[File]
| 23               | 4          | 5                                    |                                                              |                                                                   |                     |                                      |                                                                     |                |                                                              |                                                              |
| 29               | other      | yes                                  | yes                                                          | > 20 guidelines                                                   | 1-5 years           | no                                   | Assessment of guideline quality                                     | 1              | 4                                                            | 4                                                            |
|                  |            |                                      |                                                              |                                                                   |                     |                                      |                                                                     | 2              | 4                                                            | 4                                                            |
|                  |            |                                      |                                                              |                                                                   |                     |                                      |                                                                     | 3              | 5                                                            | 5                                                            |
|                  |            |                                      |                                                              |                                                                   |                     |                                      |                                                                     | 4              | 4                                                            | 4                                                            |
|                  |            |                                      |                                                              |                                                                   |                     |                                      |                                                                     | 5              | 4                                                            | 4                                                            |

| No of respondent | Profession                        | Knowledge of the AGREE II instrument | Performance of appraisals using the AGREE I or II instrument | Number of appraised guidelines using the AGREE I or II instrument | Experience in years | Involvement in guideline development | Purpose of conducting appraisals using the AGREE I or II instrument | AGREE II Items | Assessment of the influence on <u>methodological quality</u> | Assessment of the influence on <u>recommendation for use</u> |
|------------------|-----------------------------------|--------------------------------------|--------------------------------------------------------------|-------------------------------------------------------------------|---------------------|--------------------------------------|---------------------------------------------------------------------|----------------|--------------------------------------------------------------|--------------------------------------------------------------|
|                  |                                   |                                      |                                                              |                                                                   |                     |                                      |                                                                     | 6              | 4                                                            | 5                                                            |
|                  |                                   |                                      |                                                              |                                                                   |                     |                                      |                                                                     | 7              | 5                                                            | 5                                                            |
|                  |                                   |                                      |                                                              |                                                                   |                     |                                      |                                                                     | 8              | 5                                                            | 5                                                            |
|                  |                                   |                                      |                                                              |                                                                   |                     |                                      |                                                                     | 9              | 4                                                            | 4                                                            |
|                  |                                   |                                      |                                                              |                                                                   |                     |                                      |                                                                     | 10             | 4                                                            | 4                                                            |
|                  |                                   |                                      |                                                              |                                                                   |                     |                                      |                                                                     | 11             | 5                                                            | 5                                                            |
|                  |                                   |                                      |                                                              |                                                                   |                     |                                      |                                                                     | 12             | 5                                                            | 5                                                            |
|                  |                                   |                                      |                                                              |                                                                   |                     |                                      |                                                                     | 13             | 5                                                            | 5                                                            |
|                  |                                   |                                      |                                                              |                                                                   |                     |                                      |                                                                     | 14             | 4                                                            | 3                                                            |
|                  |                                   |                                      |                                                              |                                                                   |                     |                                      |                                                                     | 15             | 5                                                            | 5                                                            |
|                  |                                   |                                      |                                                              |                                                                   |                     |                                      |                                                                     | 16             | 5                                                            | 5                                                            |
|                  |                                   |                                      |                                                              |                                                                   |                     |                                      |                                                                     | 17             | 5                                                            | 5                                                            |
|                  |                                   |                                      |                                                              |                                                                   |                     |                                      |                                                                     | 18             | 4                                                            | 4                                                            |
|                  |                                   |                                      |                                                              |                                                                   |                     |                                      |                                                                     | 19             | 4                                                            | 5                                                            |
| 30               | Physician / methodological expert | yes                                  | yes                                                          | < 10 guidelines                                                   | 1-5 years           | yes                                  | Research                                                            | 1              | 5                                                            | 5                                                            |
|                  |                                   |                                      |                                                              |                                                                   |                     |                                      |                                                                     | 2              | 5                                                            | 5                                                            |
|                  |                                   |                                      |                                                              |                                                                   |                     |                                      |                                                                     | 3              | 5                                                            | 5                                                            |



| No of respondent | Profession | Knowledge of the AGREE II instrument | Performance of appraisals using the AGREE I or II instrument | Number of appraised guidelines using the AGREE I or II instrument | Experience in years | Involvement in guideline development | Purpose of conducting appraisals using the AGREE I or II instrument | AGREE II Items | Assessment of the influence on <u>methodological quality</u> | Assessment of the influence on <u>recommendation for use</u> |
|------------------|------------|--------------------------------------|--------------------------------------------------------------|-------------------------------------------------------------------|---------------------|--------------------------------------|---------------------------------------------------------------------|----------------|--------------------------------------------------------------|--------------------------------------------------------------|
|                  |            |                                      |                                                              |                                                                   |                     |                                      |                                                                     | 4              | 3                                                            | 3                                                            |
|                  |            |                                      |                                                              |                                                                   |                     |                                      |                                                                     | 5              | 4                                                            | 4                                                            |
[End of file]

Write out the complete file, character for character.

| 23               | 4          | 5                                    |                                                              |                                                                   |                     |                                      |                                                                     |                |                                                              |                                                              |
| 29               | other      | yes                                  | yes                                                          | > 20 guidelines                                                   | 1-5 years           | no                                   | Assessment of guideline quality                                     | 1              | 4                                                            | 4                                                            |
|                  |            |                                      |                                                              |                                                                   |                     |                                      |                                                                     | 2              | 4                                                            | 4                                                            |
|                  |            |                                      |                                                              |                                                                   |                     |                                      |                                                                     | 3              | 5                                                            | 5                                                            |
|                  |            |                                      |                                                              |                                                                   |                     |                                      |                                                                     | 4              | 4                                                            | 4                                                            |
|                  |            |                                      |                                                              |                                                                   |                     |                                      |                                                                     | 5              | 4                                                            | 4                                                            |

| No of respondent | Profession                        | Knowledge of the AGREE II instrument | Performance of appraisals using the AGREE I or II instrument | Number of appraised guidelines using the AGREE I or II instrument | Experience in years | Involvement in guideline development | Purpose of conducting appraisals using the AGREE I or II instrument | AGREE II Items | Assessment of the influence on <u>methodological quality</u> | Assessment of the influence on <u>recommendation for use</u> |
|------------------|-----------------------------------|--------------------------------------|--------------------------------------------------------------|-------------------------------------------------------------------|---------------------|--------------------------------------|---------------------------------------------------------------------|----------------|--------------------------------------------------------------|--------------------------------------------------------------|
|                  |                                   |                                      |                                                              |                                                                   |                     |                                      |                                                                     | 6              | 4                                                            | 5                                                            |
|                  |                                   |                                      |                                                              |                                                                   |                     |                                      |                                                                     | 7              | 5                                                            | 5                                                            |
|                  |                                   |                                      |                                                              |                                                                   |                     |                                      |                                                                     | 8              | 5                                                            | 5                                                            |
|                  |                                   |                                      |                                                              |                                                                   |                     |                                      |                                                                     | 9              | 4                                                            | 4                                                            |
|                  |                                   |                                      |                                                              |                                                                   |                     |                                      |                                                                     | 10             | 4                                                            | 4                                                            |
|                  |                                   |                                      |                                                              |                                                                   |                     |                                      |                                                                     | 11             | 5                                                            | 5                                                            |
|                  |                                   |                                      |                                                              |                                                                   |                     |                                      |                                                                     | 12             | 5                                                            | 5                                                            |
|                  |                                   |                                      |                                                              |                                                                   |                     |                                      |                                                                     | 13             | 5                                                            | 5                                                            |
|                  |                                   |                                      |                                                              |                                                                   |                     |                                      |                                                                     | 14             | 4                                                            | 3                                                            |
|                  |                                   |                                      |                                                              |                                                                   |                     |                                      |                                                                     | 15             | 5                                                            | 5                                                            |
|                  |                                   |                                      |                                                              |                                                                   |                     |                                      |                                                                     | 16             | 5                                                            | 5                                                            |
|                  |                                   |                                      |                                                              |                                                                   |                     |                                      |                                                                     | 17             | 5                                                            | 5                                                            |
|                  |                                   |                                      |                                                              |                                                                   |                     |                                      |                                                                     | 18             | 4                                                            | 4                                                            |
|                  |                                   |                                      |                                                              |                                                                   |                     |                                      |                                                                     | 19             | 4                                                            | 5                                                            |
| 30               | Physician / methodological expert | yes                                  | yes                                                          | < 10 guidelines                                                   | 1-5 years           | yes                                  | Research                                                            | 1              | 5                                                            | 5                                                            |
|                  |                                   |                                      |                                                              |                                                                   |                     |                                      |                                                                     | 2              | 5                                                            | 5                                                            |
|                  |                                   |                                      |                                                              |                                                                   |                     |                                      |                                                                     | 3              | 5                                                            | 5                                                            |



| No of respondent | Profession | Knowledge of the AGREE II instrument | Performance of appraisals using the AGREE I or II instrument | Number of appraised guidelines using the AGREE I or II instrument | Experience in years | Involvement in guideline development | Purpose of conducting appraisals using the AGREE I or II instrument | AGREE II Items | Assessment of the influence on <u>methodological quality</u> | Assessment of the influence on <u>recommendation for use</u> |
|------------------|------------|--------------------------------------|--------------------------------------------------------------|-------------------------------------------------------------------|---------------------|--------------------------------------|---------------------------------------------------------------------|----------------|--------------------------------------------------------------|--------------------------------------------------------------|
|                  |            |                                      |                                                              |                                                                   |                     |                                      |                                                                     | 4              | 3                                                            | 3                                                            |
|                  |            |                                      |                                                              |                                                                   |                     |                                      |                                                                     | 5              | 4                                                            | 4                                                            |